Deadlift feels like a squat
Build more tension off the floor and think of the deadlift as a hinge. These are the best tips to make your deadlift feel less like a squat. Tension is key. Once you maximize it the deadlift will not feel like a squat anymore.
What is your why
Before we go into the details of deadlifts which feel like a squat let me ask you some questions:
- Why do you deadlift?
- Why do you go to the gym?
- Why do you want to get stronger?
- Why do you want more muscle?
- What happens when you reach your goals?
- What happens if you don’t?
You might think that this has no relevance to your training regime. What do these questions have to do with your deadlift feeling like a squat? It all goes back to your underlying motivations and desires. The bigger your commitment to your goals the more likely you remedy these shortcomings. The deeper you are touched by your goals the more likely you will improve.
This makes the six questions I posed highly relevant. If you haven’t answered them yet and have no good answer maybe take some time to reflect. Life will get in the way of achieving your goals. You have to be ready to face adversity through meaningful goals. Most people think about their life in this way:
- What do I want
- How do I get it
- Why do I want it
If this is your guiding principle you will be mainly steered by your emotions and impulses. Your surroundings change constantly and so do your needs and desires. If you want to achieve long-term goals it is way more likely when. You switch to this pattern:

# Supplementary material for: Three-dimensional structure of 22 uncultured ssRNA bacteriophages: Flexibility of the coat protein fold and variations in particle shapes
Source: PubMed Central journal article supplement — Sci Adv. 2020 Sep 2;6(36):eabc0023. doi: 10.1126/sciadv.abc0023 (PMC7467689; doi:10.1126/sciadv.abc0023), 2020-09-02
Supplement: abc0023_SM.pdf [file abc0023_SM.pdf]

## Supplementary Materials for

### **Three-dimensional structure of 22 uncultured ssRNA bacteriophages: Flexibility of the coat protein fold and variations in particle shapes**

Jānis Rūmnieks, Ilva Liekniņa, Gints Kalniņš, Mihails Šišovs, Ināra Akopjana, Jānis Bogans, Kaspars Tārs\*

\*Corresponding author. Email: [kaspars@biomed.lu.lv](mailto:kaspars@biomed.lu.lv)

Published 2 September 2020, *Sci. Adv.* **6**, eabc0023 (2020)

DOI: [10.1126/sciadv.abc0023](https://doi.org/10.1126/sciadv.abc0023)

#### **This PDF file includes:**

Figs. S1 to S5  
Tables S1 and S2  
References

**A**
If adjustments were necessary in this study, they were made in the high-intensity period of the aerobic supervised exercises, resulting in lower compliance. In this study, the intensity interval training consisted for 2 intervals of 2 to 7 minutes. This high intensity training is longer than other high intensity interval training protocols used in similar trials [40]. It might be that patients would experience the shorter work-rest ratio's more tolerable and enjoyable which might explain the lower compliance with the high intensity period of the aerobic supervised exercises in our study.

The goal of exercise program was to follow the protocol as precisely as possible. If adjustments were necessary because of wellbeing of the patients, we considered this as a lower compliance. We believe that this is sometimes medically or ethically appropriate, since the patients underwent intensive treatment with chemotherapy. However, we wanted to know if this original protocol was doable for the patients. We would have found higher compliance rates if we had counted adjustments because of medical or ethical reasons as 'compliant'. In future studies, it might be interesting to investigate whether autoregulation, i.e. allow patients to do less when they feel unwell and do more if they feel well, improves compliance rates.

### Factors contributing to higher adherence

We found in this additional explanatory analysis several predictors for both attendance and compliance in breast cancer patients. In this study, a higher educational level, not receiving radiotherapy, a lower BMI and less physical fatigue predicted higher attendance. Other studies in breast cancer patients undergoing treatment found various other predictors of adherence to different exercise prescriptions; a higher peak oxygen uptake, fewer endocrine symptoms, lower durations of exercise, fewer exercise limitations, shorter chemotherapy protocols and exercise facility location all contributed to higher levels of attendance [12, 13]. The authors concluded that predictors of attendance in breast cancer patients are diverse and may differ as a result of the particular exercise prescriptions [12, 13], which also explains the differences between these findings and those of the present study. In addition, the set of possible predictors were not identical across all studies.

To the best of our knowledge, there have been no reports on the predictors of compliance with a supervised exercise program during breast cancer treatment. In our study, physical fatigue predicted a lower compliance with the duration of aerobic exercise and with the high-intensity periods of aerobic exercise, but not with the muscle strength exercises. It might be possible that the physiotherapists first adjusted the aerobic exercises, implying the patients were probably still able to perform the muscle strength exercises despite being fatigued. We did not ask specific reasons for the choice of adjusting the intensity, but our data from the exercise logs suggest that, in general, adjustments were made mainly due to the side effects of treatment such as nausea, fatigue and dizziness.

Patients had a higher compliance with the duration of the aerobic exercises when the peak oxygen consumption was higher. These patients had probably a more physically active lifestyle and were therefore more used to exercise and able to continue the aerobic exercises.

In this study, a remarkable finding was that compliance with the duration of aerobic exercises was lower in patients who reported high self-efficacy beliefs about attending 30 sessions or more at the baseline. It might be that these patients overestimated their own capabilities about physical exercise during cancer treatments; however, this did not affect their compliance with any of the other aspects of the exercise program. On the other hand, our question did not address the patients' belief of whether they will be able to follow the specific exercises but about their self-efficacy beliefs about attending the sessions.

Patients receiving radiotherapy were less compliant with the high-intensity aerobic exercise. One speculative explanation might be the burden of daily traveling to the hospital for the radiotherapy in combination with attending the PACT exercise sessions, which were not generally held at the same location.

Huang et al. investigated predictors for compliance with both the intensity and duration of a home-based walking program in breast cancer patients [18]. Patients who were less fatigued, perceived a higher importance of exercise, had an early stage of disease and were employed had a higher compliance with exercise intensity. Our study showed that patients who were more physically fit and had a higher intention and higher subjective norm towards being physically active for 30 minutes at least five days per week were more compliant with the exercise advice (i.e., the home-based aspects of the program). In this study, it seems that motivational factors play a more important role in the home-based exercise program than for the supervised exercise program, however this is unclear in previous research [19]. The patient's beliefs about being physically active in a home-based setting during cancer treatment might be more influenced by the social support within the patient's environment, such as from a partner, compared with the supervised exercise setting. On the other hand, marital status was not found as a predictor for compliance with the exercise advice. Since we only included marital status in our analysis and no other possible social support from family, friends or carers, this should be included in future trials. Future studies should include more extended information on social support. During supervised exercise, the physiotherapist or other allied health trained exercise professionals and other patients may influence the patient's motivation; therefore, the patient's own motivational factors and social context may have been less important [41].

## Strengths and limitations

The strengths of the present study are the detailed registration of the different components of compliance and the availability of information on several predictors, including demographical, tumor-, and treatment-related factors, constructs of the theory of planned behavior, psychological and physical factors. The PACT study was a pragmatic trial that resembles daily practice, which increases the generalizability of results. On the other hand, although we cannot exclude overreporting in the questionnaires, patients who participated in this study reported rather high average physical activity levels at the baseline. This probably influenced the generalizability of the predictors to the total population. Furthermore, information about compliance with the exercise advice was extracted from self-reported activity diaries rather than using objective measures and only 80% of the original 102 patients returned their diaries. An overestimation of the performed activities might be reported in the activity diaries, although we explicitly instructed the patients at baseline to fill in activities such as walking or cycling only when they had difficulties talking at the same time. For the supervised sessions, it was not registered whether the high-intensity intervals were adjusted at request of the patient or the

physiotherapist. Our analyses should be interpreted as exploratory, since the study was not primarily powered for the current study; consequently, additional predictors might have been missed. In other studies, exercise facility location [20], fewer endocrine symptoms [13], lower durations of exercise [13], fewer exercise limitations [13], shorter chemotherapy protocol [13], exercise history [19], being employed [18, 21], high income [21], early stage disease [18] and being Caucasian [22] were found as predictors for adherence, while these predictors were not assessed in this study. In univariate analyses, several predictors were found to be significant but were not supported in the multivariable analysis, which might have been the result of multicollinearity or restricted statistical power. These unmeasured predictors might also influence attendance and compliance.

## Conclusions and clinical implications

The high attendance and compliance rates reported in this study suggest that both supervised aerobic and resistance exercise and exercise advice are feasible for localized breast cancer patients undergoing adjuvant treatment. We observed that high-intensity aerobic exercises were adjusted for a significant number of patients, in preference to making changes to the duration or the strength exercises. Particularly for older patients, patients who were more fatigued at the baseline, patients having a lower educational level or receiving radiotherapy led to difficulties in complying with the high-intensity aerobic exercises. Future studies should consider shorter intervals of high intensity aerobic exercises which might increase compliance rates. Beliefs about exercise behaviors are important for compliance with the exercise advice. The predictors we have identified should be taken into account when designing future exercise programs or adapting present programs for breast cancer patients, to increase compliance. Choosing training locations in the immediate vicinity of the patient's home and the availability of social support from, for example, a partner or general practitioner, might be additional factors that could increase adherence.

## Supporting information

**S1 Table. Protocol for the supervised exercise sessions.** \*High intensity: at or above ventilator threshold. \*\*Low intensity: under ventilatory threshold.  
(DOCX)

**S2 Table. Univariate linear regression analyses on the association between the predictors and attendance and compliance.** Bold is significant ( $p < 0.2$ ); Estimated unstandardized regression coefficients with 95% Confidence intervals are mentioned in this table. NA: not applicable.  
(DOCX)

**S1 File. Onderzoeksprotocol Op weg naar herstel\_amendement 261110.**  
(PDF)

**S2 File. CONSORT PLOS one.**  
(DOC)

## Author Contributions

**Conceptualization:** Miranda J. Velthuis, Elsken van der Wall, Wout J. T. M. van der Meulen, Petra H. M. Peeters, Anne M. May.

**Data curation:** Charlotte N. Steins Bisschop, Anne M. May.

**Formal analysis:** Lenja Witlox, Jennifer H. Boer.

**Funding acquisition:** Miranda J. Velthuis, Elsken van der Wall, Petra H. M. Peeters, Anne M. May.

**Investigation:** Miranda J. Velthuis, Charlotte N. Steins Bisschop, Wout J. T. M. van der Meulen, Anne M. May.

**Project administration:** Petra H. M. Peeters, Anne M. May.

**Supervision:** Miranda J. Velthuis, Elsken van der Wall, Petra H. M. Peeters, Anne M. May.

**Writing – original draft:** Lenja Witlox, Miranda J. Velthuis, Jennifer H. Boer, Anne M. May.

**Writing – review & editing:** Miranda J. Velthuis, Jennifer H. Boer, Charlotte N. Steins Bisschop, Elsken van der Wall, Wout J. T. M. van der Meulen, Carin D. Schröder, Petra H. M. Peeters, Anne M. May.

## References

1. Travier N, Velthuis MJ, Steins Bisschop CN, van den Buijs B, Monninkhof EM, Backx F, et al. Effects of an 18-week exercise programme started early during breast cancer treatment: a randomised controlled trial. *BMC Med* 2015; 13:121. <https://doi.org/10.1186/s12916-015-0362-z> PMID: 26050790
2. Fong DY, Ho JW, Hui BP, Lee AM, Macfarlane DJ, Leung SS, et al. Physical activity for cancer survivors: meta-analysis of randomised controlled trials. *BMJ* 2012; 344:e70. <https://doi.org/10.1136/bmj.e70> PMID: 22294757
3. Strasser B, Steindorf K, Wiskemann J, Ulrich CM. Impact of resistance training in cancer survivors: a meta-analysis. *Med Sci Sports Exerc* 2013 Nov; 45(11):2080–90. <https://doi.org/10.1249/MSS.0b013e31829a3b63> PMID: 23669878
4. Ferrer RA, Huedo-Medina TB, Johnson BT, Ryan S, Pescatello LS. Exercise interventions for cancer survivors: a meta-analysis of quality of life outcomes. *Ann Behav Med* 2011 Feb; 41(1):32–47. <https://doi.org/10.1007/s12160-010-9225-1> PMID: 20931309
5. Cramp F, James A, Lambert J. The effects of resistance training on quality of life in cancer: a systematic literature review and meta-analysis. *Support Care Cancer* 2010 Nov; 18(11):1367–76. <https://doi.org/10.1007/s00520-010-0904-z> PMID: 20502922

- Why do you want something
- How do you get it
- What do you need to do to get it
This way you will connect your daily actions to your heart and soul. It will become easier to look adversity in the eye and move on. If you want to know how this works on a deeper level check out Daniel Kahneman's excellent book thinking fast and slow. If you are not convinced yet have a look at Simon Sinek's TED talk on the golden circle.
The deadlift is one of the most iconic movements you can do in the gym. It is an expression of pure strength and primal instinct. Powerlifters, weightlifters and Strongmen across the globe love to pull heavy and so should you. When the deadlift is mentioned most people think of the conventional deadlift. There at more variations than this:
- Sumo deadlifts
- Deadlift with chains
- Banded deadlifts
- Deficit Deadlifts
- Kettlebell deadlifts
- Dumbbell deadlifts
- Rack Pulls
- Block Pulls
- Romanian deadlifts
- Snatch grip deadlifts
- Paused deadlifts
- Wagon wheel deadlifts
And many more depending on your personal preferences and training style. If you want to learn more about the deadlift read and watch from the following athletes and sources:
- Ed Coan
- Dan Green
- Cailer Woolan